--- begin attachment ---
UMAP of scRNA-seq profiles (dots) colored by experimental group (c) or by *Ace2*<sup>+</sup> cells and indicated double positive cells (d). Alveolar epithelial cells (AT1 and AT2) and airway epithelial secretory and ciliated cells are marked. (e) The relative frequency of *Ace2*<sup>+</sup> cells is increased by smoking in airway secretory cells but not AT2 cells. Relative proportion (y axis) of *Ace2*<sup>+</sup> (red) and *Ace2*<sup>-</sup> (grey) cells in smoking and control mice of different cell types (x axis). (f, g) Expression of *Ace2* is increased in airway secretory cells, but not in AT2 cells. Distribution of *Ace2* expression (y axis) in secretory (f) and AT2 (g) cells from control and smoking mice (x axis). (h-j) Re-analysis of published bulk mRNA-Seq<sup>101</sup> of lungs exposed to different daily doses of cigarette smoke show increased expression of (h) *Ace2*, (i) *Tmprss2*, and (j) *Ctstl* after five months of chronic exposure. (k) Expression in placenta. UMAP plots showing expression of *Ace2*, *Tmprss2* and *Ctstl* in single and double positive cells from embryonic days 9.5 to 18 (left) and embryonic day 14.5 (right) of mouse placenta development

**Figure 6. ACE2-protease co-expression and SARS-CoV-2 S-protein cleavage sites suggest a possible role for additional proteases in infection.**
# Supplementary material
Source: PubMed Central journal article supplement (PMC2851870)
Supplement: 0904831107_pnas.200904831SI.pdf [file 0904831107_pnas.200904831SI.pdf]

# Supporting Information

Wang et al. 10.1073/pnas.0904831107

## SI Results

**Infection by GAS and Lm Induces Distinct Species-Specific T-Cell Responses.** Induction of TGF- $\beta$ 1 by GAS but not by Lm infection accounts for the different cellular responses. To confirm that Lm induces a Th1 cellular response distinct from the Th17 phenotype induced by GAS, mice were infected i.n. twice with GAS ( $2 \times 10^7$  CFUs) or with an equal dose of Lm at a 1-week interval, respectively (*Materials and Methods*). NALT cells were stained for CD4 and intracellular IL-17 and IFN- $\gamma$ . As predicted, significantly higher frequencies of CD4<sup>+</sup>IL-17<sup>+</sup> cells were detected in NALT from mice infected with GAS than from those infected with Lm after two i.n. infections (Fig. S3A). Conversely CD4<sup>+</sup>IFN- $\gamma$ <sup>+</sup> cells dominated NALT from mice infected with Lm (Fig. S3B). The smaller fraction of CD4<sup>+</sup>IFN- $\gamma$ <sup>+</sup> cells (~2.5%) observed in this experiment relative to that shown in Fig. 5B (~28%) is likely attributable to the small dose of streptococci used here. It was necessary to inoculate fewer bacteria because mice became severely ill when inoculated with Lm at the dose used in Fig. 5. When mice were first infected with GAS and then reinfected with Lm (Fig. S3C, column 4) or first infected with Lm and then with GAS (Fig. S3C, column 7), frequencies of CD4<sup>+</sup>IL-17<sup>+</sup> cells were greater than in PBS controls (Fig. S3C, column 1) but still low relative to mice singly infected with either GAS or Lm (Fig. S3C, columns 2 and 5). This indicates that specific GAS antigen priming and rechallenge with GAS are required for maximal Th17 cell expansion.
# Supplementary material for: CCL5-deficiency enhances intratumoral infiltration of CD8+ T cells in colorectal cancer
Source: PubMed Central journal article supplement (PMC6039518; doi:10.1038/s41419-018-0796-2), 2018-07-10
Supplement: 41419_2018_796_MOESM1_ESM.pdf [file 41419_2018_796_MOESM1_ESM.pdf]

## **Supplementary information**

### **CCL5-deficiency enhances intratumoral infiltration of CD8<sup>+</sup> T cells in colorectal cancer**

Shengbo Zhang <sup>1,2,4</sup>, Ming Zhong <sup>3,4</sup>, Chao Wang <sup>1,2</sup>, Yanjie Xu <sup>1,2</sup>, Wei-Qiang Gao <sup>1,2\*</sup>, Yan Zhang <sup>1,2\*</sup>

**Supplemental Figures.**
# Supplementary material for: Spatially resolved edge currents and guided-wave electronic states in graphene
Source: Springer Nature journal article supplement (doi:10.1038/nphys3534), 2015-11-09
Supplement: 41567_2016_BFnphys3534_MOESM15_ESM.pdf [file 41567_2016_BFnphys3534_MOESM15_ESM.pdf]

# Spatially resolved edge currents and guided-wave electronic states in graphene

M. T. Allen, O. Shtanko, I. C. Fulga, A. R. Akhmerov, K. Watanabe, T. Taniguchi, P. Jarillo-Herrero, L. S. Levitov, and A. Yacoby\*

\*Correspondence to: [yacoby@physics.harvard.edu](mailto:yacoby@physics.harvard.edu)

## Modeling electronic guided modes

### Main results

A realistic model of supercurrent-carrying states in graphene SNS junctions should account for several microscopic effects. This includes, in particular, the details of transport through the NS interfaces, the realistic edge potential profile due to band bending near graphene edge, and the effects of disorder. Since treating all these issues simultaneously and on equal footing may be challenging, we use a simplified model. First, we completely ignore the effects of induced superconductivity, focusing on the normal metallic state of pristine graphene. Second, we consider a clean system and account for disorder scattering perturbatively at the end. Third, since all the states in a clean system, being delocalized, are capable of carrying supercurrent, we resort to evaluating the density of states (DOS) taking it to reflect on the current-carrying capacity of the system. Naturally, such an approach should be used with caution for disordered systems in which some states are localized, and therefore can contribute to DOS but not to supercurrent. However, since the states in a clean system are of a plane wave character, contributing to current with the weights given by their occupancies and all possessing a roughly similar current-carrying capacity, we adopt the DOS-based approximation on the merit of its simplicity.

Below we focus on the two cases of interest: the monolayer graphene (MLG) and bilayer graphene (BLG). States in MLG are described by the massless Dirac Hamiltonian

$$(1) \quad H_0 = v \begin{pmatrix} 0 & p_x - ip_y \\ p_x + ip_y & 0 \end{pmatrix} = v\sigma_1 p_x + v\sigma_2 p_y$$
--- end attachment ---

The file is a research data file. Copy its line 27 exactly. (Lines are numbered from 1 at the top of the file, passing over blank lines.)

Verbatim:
$$(1) \quad H_0 = v \begin{pmatrix} 0 & p_x - ip_y \\ p_x + ip_y & 0 \end{pmatrix} = v\sigma_1 p_x + v\sigma_2 p_y$$